Retired Navy commander Chester “Chet” Burton is adjusting to his new position as Western Nevada College’s acting president.
Nevada System of Higher Education Chancellor Dan Klaich recently recommended Burton to the Board of Regents after conferring with his selection committee and regents and receiving input from community groups.
“At their December meeting, the Board of Regents voted to appoint Chet Burton as acting president of WNC,” said Anne Hansen, director of information and marketing services.
There is no time line set to find a permanent president.
“The board deemed the time as not the best for immediately beginning a search because of the time needed to implement the new funding formula, and questions that had been raised about college service areas,” Hansen said.
Klaich said Thursday that it was best to wait until the regents receive reports that examine shared services with other institutions of higher learning, as well as what future funding awaits from the Legislature.
“Until we get back those reports, I felt we should not start a search (for president),” Klaich said.
He added that Burton is working on a new budget for WNC.
Burton spent 20 years on active duty with the Navy as a supply officer. He retired in 1996 in Fallon after completing his final tour at the naval air station. His other assignments included serving as a legislative liaison at the Pentagon and Capitol Hill. His family moved to Reno in 2007.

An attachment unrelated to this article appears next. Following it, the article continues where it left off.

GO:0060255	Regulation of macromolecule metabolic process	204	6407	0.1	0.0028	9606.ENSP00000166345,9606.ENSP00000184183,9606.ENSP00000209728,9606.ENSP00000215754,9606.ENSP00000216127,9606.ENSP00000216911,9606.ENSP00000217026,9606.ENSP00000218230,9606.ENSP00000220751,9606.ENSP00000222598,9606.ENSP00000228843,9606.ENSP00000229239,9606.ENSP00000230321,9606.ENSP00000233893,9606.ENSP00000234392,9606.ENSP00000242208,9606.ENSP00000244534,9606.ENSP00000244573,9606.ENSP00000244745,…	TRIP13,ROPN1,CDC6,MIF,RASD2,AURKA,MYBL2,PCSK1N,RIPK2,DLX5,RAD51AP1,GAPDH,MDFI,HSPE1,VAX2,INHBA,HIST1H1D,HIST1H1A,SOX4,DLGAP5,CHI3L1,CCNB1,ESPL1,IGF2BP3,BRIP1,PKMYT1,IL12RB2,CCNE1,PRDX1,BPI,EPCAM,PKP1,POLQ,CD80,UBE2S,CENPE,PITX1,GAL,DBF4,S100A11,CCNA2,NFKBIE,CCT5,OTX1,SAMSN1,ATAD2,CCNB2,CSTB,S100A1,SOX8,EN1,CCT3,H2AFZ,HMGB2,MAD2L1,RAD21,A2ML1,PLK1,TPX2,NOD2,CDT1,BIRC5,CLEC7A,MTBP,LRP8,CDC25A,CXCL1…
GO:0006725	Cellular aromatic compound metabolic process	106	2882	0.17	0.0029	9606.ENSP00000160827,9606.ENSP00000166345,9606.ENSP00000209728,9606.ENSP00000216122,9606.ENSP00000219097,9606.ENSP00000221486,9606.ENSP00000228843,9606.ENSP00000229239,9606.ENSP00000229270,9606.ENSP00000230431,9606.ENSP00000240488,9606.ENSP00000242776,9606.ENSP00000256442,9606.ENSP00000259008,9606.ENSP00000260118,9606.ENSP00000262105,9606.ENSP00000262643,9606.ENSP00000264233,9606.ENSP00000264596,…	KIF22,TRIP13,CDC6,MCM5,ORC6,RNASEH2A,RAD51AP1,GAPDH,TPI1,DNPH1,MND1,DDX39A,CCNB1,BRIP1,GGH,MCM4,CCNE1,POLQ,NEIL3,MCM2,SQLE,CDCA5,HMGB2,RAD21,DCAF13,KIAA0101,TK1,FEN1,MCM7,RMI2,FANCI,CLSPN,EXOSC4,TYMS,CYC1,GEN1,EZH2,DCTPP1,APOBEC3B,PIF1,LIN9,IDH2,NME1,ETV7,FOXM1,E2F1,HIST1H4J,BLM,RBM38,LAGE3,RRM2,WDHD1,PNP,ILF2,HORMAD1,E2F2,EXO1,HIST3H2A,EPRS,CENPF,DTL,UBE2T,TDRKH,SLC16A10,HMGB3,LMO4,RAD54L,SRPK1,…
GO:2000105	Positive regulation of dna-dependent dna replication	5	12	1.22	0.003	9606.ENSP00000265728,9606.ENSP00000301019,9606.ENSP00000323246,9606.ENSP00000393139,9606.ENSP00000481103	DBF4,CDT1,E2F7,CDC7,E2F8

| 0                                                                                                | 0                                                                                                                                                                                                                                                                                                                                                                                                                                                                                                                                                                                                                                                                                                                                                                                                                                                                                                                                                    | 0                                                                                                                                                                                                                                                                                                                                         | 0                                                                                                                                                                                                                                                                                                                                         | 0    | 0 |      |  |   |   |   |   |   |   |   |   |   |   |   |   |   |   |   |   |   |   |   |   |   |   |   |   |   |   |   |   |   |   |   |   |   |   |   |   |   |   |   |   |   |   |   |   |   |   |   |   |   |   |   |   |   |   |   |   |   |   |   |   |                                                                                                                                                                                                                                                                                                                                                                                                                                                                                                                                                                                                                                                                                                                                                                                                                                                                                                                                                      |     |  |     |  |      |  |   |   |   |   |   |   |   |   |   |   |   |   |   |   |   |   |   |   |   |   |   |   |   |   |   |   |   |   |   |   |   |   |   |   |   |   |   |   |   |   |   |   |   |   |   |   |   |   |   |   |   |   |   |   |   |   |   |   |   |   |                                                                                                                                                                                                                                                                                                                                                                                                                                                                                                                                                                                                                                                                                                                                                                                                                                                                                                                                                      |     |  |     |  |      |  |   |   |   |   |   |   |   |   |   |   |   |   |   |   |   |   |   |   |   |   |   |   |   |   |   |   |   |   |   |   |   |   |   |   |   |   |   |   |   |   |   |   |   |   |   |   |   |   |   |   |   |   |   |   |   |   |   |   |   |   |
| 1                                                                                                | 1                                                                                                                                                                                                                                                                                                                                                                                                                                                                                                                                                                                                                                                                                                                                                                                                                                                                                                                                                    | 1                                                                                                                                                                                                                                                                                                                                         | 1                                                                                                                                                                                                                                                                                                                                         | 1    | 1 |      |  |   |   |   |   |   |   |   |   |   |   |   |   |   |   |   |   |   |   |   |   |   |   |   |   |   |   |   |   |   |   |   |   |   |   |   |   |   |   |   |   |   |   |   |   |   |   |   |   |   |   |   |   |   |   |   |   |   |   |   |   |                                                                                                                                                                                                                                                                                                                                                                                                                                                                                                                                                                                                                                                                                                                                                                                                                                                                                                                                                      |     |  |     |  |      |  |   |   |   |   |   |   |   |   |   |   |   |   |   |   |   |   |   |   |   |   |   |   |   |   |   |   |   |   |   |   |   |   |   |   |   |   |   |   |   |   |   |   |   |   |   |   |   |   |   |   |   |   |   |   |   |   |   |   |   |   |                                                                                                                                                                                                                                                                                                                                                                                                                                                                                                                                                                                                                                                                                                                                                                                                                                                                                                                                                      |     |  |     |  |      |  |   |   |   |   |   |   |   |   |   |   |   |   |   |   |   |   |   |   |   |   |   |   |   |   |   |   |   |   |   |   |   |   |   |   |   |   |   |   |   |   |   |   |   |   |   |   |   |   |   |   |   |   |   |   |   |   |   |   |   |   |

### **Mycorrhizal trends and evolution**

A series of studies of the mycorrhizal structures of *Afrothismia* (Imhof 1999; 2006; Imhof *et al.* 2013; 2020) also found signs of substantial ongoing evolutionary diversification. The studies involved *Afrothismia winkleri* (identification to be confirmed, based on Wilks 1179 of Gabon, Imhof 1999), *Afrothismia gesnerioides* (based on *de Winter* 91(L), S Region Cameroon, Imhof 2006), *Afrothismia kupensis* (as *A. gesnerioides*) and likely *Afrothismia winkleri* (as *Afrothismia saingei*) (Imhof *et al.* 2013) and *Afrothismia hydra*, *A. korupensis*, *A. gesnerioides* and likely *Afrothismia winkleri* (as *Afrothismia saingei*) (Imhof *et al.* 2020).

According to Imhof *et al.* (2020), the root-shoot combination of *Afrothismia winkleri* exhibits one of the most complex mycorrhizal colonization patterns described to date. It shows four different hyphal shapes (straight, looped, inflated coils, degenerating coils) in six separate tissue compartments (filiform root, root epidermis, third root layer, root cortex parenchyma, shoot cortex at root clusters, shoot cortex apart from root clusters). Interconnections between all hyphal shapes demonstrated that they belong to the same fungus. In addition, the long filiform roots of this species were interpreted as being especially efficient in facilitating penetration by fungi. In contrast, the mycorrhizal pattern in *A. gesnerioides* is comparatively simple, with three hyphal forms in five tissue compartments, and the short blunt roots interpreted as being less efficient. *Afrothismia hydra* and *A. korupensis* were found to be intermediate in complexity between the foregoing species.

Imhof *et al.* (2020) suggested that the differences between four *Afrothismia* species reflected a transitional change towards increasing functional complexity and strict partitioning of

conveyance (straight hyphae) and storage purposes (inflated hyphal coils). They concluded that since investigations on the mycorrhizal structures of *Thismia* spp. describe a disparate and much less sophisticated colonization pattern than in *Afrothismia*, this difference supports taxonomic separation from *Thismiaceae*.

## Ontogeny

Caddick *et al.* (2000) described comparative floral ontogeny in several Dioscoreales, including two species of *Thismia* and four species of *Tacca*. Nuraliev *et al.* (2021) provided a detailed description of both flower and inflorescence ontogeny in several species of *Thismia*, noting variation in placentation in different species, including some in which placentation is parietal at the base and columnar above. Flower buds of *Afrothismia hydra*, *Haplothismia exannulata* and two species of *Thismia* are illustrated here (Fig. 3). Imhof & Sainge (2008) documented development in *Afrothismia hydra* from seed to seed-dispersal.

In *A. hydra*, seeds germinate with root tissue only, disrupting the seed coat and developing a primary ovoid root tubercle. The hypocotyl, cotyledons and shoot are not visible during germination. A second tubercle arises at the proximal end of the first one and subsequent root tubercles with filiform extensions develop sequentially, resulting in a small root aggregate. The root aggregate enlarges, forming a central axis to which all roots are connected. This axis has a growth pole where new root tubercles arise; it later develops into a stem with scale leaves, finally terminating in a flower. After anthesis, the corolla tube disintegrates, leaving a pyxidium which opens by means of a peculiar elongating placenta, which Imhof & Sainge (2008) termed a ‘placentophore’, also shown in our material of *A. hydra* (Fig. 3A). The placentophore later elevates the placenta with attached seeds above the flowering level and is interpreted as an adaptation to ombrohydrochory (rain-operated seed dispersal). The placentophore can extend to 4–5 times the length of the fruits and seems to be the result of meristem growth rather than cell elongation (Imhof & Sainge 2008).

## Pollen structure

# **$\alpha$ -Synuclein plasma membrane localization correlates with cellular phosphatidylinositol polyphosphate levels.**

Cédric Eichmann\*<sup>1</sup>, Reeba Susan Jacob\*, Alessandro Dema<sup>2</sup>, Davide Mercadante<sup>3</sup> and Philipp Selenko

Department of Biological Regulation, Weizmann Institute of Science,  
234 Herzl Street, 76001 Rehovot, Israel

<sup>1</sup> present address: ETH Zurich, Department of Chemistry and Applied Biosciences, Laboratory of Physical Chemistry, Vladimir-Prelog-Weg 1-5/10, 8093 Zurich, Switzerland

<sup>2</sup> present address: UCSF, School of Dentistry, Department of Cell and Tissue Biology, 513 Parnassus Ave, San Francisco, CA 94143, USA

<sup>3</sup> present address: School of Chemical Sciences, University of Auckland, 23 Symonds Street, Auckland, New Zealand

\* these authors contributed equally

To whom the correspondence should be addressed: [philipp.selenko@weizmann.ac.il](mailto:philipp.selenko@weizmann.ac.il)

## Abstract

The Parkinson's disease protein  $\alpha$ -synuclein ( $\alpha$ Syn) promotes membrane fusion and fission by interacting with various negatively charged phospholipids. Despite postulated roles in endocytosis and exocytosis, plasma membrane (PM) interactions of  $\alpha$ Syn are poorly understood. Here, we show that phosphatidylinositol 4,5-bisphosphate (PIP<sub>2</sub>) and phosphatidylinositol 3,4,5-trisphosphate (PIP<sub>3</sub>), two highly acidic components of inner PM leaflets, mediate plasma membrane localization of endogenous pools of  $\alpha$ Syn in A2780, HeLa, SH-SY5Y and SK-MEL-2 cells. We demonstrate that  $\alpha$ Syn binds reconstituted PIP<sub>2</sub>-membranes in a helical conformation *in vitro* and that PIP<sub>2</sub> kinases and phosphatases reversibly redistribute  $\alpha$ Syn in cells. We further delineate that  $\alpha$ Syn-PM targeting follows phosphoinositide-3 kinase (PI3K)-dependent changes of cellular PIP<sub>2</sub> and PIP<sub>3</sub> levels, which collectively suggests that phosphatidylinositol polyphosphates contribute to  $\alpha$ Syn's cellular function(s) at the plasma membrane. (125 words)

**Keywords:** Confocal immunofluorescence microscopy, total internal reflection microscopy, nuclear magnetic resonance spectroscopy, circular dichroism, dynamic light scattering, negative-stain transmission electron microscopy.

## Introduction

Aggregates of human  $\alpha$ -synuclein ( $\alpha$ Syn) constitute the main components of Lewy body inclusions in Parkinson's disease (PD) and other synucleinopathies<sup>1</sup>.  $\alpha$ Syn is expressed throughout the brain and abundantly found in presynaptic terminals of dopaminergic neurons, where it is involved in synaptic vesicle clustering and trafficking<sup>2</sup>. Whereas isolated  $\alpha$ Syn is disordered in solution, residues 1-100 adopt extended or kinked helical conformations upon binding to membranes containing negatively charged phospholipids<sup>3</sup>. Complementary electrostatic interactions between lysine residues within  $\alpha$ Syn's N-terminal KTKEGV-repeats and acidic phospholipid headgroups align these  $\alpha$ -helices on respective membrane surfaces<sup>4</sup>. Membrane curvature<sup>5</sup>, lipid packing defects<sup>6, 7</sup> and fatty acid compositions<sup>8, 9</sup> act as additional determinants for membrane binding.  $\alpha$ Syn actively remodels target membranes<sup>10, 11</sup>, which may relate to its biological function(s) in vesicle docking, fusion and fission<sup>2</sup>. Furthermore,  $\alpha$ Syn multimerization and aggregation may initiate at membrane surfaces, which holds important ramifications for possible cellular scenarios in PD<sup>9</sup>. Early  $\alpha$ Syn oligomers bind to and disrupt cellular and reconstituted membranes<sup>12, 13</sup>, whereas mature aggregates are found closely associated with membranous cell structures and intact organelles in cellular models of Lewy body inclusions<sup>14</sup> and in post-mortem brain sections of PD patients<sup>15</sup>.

Burton succeeded Dan Neverett last summer as WNC’s new vice president of finance and administrative services. Burton previously worked at WNC as the controller and fiscal director from 2009-11.
“It’s great to reconnect with the WNC family and be back as part of the team,” Burton said when he returned to WNC in 2013.
Burton became the acting president almost two months after Dr. Carol Lucey stepped down in October, citing frustrations over funding cuts.
Regent Ron Knecht in Carson City said Burton is essentially the executive in charge. With Burton at the helm, Knecht said, operations at WNC have stabilized.
“Since we have budget issues and ongoing management issues going on, let’s have everything settle down,” he added.